This spring, anyone driving past the busy landmark roundabout bearing the message “Smile, you are in Sharjah”, written in flowers, might notice the suddenly increased presence of bees. This would be thanks to the introduction of melliferous (honey-producing) plants by artist Moza Almatrooshi for this year’s Sharjah Biennial 15. The installation, organised in collaboration with the local Sharjah municipality, is part of a wider site-specific intervention at the Old Al Jubail market, where visitors can see two active hives from the Beekeeper’s Association and attend a public educational workshop.
After graduating in 2013, Almatrooshi was nominated for the Salama bint Hamdan Al Nahyan Emerging Artist Fellowship in partnership with Rhode Island School of Design (RISD), the successful completion of which gave her access to a scholarship. She applied to do an MFA at the Slade in London, which she chose for its fine art media programme and because “it wasn’t uber-traditional or formal. I felt it opened up, for me, new ways of exploring things.” It was in this environment that she felt free to start working with food. “It became a major element of my work, whether as the medium, the tool, the metaphor or the container,” she says.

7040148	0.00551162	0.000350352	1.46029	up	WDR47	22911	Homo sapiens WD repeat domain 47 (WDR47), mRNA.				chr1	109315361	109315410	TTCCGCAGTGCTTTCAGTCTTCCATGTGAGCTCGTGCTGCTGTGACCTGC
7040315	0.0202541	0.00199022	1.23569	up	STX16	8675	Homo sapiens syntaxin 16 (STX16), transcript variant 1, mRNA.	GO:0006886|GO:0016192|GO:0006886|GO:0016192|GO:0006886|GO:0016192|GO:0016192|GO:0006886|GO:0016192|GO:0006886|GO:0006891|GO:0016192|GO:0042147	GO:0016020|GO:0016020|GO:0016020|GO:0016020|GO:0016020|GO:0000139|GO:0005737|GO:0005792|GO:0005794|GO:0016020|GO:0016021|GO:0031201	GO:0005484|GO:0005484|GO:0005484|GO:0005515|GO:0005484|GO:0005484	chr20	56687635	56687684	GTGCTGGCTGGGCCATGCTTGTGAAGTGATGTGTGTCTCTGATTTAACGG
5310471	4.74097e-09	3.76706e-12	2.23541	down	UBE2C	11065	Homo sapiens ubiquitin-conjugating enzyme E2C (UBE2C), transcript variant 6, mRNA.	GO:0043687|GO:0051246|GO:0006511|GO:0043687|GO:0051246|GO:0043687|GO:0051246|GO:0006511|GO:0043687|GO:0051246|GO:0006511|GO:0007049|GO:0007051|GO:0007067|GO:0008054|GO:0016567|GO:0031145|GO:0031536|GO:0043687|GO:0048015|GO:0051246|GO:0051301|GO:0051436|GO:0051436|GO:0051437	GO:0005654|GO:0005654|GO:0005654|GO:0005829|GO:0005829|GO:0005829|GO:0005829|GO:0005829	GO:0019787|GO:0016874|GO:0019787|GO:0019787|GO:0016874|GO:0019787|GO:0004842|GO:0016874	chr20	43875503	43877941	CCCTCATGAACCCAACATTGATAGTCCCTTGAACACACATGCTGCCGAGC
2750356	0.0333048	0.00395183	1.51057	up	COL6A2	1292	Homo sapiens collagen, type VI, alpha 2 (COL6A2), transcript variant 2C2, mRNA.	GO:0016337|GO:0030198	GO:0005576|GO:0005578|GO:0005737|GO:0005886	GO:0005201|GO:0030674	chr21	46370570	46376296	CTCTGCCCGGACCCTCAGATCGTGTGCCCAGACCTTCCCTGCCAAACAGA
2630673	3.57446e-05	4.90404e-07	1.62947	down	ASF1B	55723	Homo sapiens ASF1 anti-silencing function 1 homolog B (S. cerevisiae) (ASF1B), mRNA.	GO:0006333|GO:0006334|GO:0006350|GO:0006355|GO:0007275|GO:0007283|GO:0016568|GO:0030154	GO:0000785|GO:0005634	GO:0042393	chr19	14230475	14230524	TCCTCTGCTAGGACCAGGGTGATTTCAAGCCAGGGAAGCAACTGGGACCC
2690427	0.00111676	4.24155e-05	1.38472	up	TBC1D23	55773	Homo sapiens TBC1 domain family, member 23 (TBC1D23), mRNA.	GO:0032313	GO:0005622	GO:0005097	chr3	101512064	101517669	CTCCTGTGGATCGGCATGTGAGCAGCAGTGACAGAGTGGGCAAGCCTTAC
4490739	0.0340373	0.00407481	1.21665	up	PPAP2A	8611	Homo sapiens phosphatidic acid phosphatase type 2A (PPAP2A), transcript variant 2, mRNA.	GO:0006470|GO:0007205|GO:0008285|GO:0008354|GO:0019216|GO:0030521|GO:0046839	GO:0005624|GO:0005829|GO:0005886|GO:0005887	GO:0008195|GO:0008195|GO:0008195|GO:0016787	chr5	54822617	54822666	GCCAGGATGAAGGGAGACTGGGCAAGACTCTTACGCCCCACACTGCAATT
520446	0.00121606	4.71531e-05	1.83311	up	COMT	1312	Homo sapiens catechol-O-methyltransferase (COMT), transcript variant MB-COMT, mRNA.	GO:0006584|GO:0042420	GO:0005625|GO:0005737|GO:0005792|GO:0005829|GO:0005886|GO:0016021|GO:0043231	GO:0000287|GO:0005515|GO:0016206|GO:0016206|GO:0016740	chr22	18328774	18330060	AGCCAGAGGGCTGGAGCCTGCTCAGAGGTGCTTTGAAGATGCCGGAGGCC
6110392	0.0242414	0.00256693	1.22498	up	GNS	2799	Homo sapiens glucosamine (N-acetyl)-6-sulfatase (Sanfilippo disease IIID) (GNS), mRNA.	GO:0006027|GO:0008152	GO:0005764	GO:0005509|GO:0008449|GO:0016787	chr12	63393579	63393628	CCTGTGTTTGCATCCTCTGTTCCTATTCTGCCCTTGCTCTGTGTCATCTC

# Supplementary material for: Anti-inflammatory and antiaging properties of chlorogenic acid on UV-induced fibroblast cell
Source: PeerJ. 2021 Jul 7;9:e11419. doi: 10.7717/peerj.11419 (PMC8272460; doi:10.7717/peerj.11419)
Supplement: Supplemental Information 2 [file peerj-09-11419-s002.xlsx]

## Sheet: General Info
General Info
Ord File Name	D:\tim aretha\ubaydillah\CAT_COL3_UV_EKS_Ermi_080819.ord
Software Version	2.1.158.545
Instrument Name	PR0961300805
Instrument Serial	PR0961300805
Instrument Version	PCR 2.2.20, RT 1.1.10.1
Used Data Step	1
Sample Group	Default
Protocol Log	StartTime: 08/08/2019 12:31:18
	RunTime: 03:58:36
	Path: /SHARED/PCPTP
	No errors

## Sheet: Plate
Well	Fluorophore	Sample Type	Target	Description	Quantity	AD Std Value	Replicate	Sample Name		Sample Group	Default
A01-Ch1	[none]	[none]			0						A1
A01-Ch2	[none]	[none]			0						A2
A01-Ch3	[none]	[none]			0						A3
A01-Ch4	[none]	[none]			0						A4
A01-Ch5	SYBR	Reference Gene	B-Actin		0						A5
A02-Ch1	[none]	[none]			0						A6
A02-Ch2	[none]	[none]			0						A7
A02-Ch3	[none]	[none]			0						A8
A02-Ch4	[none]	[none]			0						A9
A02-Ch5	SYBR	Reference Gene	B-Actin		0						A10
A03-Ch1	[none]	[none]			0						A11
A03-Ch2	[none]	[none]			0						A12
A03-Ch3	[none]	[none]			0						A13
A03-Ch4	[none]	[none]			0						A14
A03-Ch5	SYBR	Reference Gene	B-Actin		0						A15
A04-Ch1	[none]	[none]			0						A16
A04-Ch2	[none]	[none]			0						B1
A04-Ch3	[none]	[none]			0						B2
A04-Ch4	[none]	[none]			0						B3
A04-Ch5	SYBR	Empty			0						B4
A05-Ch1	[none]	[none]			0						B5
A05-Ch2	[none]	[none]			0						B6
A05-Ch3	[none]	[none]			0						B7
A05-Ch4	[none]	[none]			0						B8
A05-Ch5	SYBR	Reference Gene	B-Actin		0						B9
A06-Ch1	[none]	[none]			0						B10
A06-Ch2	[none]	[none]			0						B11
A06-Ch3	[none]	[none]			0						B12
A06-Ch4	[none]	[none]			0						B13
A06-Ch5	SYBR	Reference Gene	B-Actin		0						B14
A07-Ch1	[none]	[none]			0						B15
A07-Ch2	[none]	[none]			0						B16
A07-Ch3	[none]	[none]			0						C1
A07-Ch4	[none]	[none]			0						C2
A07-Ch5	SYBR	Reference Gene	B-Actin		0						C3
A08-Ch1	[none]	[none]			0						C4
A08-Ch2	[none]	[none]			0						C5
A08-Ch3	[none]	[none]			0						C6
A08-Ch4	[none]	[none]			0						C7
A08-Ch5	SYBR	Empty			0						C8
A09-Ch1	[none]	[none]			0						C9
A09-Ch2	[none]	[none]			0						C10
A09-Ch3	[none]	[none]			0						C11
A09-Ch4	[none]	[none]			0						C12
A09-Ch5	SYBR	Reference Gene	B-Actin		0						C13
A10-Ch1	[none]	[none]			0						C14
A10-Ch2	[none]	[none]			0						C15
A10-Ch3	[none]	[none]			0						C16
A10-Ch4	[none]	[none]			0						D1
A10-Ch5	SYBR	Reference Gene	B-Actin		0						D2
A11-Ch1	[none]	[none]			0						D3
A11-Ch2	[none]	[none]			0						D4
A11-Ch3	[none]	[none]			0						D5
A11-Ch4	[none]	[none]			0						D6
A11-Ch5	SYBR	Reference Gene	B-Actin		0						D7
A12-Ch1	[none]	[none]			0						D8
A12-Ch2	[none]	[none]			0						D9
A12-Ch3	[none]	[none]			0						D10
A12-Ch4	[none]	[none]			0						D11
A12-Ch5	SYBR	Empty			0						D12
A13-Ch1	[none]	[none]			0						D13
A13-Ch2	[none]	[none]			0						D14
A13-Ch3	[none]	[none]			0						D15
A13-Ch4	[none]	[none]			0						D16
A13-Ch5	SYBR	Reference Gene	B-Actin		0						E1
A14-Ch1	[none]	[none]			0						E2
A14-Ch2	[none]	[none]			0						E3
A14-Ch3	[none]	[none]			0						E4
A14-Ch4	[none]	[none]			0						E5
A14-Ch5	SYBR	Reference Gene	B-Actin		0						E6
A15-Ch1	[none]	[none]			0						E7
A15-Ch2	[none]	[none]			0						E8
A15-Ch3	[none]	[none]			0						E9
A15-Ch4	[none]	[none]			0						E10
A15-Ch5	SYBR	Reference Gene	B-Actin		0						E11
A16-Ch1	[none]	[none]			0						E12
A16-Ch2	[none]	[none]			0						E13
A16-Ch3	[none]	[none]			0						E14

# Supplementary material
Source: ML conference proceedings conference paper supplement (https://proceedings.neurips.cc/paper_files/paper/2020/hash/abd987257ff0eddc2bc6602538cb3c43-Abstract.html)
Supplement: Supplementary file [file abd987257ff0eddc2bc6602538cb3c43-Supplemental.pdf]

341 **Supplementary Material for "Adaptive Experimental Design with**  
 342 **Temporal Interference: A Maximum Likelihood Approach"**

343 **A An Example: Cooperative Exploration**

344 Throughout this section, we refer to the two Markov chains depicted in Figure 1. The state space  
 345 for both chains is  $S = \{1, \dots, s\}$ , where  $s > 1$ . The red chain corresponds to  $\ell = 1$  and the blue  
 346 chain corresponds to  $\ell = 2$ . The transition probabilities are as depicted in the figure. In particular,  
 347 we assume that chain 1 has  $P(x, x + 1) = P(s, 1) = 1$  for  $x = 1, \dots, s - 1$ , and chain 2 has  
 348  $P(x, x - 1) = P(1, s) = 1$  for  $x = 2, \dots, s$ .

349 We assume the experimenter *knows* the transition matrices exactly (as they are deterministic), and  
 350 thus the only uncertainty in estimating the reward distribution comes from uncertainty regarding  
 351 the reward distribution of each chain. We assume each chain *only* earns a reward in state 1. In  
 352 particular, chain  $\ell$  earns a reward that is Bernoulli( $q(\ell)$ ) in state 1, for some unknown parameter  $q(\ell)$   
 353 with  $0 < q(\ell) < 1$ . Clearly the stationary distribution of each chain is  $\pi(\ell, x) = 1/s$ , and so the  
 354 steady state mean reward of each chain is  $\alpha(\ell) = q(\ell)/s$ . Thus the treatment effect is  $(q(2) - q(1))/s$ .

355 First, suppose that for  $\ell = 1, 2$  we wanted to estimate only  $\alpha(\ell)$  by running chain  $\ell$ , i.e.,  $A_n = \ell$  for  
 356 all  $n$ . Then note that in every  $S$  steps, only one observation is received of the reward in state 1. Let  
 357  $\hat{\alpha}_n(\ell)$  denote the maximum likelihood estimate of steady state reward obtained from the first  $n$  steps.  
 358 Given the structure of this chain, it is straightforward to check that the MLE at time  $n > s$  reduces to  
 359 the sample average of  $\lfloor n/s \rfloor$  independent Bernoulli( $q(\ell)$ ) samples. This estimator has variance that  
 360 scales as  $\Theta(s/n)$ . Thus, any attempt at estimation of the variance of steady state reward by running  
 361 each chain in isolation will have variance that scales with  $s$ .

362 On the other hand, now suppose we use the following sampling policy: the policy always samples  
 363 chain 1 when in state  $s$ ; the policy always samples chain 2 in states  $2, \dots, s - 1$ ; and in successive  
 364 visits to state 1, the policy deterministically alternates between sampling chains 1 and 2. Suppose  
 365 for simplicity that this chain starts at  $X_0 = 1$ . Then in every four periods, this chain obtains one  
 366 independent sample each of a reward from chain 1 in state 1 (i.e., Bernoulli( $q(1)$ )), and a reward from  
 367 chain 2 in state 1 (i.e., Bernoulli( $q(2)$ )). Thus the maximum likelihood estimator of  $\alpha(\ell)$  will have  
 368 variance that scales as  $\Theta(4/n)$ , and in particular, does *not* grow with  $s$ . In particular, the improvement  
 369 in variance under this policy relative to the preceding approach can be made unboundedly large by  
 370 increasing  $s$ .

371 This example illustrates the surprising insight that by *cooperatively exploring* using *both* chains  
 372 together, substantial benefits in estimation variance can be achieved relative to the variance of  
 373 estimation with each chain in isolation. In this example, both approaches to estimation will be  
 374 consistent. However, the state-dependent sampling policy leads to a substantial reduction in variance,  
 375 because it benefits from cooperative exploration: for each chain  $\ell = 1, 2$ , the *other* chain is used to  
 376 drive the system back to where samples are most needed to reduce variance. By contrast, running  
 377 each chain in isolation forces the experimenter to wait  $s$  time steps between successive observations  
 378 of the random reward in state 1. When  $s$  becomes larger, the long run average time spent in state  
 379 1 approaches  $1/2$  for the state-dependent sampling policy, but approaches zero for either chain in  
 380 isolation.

As Almatrooshi’s food-centred works have brought her attention to urgent ecological issues, her practice has naturally returned to the landscape that first inspired it. “You cannot get away from these themes,” she explains. “At some point they collide, and that is really where my practice lives at the moment.”
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